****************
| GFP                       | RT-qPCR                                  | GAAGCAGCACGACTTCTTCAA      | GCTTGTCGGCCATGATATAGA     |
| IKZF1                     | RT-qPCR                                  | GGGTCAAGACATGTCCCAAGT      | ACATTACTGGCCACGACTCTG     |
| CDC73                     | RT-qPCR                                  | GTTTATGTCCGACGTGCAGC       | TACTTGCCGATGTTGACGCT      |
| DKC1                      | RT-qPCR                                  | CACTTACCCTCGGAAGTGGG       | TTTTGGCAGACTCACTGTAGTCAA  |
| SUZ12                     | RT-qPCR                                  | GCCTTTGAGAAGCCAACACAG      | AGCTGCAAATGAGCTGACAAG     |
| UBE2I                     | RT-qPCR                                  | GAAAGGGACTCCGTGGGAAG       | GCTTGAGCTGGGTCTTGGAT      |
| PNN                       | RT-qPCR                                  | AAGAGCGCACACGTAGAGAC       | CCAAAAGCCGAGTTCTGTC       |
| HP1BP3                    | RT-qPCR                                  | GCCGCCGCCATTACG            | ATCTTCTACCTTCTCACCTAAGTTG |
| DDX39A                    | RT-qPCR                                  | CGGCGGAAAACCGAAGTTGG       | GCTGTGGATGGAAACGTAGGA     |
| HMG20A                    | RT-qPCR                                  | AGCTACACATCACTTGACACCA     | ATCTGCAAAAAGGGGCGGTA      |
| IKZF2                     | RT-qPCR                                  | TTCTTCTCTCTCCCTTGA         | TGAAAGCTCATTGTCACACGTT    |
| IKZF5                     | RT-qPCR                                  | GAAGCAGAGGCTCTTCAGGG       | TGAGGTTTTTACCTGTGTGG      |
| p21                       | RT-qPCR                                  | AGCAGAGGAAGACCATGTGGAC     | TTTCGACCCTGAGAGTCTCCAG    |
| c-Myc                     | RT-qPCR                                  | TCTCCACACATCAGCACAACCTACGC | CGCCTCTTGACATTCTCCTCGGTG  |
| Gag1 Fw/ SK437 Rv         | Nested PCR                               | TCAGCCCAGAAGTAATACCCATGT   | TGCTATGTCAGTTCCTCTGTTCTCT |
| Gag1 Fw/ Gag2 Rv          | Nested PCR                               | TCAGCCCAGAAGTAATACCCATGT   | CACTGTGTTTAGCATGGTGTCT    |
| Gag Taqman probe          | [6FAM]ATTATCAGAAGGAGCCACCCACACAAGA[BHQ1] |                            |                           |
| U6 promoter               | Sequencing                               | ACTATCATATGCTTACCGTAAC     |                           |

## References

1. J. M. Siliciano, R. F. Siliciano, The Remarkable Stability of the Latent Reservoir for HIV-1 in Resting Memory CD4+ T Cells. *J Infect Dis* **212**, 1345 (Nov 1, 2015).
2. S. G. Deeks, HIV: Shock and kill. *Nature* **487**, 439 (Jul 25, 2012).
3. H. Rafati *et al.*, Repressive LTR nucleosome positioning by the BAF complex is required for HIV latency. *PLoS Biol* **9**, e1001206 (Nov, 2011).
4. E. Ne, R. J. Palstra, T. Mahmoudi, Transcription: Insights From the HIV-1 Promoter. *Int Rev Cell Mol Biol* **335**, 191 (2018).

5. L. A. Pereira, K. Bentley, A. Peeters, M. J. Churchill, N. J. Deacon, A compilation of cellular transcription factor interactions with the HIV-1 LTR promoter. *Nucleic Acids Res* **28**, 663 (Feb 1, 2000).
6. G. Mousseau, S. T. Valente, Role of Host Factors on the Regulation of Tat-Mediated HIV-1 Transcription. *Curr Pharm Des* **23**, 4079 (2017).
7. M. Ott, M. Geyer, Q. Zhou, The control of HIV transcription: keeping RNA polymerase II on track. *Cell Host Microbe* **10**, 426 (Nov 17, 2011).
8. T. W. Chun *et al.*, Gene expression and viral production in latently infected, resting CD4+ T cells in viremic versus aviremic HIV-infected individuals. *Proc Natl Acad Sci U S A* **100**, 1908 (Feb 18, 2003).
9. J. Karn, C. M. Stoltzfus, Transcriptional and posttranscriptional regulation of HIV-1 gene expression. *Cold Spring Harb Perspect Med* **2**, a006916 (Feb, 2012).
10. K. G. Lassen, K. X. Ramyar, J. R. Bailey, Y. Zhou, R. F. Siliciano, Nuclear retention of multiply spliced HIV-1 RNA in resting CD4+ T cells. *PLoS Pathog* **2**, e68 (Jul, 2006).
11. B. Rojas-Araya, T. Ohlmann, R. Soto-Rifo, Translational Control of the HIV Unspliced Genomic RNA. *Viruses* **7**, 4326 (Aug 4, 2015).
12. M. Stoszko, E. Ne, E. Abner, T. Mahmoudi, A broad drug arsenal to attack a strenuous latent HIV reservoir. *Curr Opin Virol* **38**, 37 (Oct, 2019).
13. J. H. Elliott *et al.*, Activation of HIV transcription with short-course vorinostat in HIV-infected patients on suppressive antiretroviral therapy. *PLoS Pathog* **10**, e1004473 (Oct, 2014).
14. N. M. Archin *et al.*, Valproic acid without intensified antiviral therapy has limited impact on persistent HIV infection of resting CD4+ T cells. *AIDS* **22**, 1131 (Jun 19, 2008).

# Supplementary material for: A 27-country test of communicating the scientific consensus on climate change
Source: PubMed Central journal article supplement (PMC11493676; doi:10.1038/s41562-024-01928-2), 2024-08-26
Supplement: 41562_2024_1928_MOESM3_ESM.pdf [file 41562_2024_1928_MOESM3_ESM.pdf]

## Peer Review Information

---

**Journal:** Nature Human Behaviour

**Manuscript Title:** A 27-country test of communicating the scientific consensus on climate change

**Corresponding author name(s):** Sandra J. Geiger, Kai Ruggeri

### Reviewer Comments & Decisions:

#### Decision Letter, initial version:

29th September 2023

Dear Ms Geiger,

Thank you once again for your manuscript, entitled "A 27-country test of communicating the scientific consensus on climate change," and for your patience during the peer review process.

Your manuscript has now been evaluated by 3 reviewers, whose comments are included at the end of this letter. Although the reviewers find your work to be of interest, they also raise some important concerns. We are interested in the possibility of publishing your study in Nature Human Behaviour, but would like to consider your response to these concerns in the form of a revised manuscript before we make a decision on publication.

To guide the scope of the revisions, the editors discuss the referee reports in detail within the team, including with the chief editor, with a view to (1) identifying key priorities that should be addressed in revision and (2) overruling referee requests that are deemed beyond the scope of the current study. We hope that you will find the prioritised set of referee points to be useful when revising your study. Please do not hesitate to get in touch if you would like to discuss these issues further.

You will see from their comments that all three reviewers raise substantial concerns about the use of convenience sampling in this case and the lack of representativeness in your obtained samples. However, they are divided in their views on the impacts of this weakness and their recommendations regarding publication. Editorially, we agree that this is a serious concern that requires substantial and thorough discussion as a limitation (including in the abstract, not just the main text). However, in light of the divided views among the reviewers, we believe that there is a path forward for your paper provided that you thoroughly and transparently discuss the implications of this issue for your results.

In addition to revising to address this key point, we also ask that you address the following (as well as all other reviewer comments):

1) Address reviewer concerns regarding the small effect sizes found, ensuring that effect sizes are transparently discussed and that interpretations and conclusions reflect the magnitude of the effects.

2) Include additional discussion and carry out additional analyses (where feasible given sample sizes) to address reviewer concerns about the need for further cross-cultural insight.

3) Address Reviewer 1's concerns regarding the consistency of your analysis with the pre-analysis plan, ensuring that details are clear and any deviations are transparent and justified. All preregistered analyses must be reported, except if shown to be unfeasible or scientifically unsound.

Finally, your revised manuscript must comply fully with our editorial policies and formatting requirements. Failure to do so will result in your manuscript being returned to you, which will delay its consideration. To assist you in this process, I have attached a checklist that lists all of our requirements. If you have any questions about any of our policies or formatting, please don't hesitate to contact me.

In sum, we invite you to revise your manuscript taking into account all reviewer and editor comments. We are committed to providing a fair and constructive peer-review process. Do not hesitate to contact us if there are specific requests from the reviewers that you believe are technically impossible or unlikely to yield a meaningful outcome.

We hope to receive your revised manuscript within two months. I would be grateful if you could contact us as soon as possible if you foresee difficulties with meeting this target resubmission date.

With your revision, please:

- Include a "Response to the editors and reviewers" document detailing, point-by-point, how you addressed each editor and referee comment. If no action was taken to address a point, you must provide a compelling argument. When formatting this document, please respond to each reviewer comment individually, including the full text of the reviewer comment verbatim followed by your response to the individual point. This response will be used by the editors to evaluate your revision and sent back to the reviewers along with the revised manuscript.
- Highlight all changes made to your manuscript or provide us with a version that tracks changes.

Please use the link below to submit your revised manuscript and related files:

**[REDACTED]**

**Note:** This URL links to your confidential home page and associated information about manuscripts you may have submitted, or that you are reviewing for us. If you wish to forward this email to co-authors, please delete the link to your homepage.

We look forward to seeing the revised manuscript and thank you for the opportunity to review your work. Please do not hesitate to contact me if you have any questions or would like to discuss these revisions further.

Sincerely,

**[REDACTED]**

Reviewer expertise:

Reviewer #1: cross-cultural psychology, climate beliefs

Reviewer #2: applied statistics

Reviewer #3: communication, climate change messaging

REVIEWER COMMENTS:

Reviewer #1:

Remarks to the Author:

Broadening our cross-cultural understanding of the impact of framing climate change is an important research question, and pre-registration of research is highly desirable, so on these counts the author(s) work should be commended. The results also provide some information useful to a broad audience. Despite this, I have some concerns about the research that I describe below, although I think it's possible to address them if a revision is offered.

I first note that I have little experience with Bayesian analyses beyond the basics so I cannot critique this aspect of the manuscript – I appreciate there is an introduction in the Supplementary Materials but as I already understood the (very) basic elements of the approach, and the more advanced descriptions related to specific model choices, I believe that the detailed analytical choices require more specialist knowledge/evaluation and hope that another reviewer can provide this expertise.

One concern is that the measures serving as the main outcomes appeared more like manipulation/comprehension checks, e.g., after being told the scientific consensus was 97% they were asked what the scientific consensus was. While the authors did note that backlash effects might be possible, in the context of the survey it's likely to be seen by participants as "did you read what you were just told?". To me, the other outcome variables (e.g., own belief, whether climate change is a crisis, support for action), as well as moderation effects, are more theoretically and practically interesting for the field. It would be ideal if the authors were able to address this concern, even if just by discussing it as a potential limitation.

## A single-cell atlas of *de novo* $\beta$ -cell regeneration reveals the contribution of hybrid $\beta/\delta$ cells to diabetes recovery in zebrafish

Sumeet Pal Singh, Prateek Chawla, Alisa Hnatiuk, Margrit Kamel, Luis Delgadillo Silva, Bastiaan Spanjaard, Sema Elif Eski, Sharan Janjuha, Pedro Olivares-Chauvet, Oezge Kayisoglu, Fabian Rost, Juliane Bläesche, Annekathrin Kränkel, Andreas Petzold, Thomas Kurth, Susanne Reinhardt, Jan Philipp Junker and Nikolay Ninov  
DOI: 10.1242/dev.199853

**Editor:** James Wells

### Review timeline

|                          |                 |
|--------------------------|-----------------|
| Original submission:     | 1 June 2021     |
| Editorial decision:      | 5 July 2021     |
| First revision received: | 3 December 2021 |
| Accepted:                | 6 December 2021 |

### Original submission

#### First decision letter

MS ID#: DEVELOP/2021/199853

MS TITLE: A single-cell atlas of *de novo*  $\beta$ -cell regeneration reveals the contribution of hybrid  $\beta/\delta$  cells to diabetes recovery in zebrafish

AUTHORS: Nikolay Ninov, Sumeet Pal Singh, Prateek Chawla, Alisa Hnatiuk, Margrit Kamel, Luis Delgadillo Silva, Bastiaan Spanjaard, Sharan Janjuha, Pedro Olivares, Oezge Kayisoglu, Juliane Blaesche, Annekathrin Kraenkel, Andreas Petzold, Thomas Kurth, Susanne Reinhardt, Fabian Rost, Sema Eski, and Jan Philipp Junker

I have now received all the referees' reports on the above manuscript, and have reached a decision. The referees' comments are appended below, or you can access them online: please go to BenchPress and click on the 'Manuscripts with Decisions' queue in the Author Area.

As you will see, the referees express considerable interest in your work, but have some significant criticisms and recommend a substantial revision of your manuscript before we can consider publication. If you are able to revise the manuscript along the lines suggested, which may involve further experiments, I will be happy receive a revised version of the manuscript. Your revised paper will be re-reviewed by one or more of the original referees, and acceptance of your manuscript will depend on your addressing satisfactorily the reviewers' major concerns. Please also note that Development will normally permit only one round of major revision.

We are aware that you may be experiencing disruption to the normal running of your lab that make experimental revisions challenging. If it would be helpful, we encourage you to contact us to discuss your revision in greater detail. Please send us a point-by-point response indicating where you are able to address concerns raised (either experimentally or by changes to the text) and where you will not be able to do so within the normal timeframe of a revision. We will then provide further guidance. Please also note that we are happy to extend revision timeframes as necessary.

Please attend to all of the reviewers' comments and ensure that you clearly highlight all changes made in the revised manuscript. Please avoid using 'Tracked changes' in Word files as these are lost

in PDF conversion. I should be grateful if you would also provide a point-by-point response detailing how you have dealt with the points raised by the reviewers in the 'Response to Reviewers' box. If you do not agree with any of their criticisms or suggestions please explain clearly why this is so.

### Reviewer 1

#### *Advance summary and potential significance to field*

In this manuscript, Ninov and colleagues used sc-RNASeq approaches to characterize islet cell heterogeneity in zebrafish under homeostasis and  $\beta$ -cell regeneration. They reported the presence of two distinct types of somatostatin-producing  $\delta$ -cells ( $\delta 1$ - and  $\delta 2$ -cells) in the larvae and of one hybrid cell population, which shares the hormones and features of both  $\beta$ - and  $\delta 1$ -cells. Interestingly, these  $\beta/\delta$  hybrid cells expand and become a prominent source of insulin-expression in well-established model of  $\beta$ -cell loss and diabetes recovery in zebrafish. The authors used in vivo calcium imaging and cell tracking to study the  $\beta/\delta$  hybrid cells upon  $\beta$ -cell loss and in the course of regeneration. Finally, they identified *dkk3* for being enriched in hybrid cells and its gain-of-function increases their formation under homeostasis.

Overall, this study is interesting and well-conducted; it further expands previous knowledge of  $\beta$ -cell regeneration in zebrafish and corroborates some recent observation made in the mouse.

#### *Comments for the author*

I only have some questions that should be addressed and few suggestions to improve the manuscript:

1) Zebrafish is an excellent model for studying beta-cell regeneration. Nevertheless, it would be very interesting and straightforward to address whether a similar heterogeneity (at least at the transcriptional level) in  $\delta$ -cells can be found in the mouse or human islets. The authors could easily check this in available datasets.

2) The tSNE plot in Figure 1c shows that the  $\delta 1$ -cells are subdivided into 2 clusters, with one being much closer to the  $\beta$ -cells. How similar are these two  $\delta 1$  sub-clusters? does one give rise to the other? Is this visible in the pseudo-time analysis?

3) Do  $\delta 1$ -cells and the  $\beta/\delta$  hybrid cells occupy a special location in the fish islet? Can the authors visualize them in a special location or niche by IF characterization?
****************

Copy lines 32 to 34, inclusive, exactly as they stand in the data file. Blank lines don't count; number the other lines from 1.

13. J. H. Elliott *et al.*, Activation of HIV transcription with short-course vorinostat in HIV-infected patients on suppressive antiretroviral therapy. *PLoS Pathog* **10**, e1004473 (Oct, 2014).
14. N. M. Archin *et al.*, Valproic acid without intensified antiviral therapy has limited impact on persistent HIV infection of resting CD4+ T cells. *AIDS* **22**, 1131 (Jun 19, 2008).

# Supplementary material for: A 27-country test of communicating the scientific consensus on climate change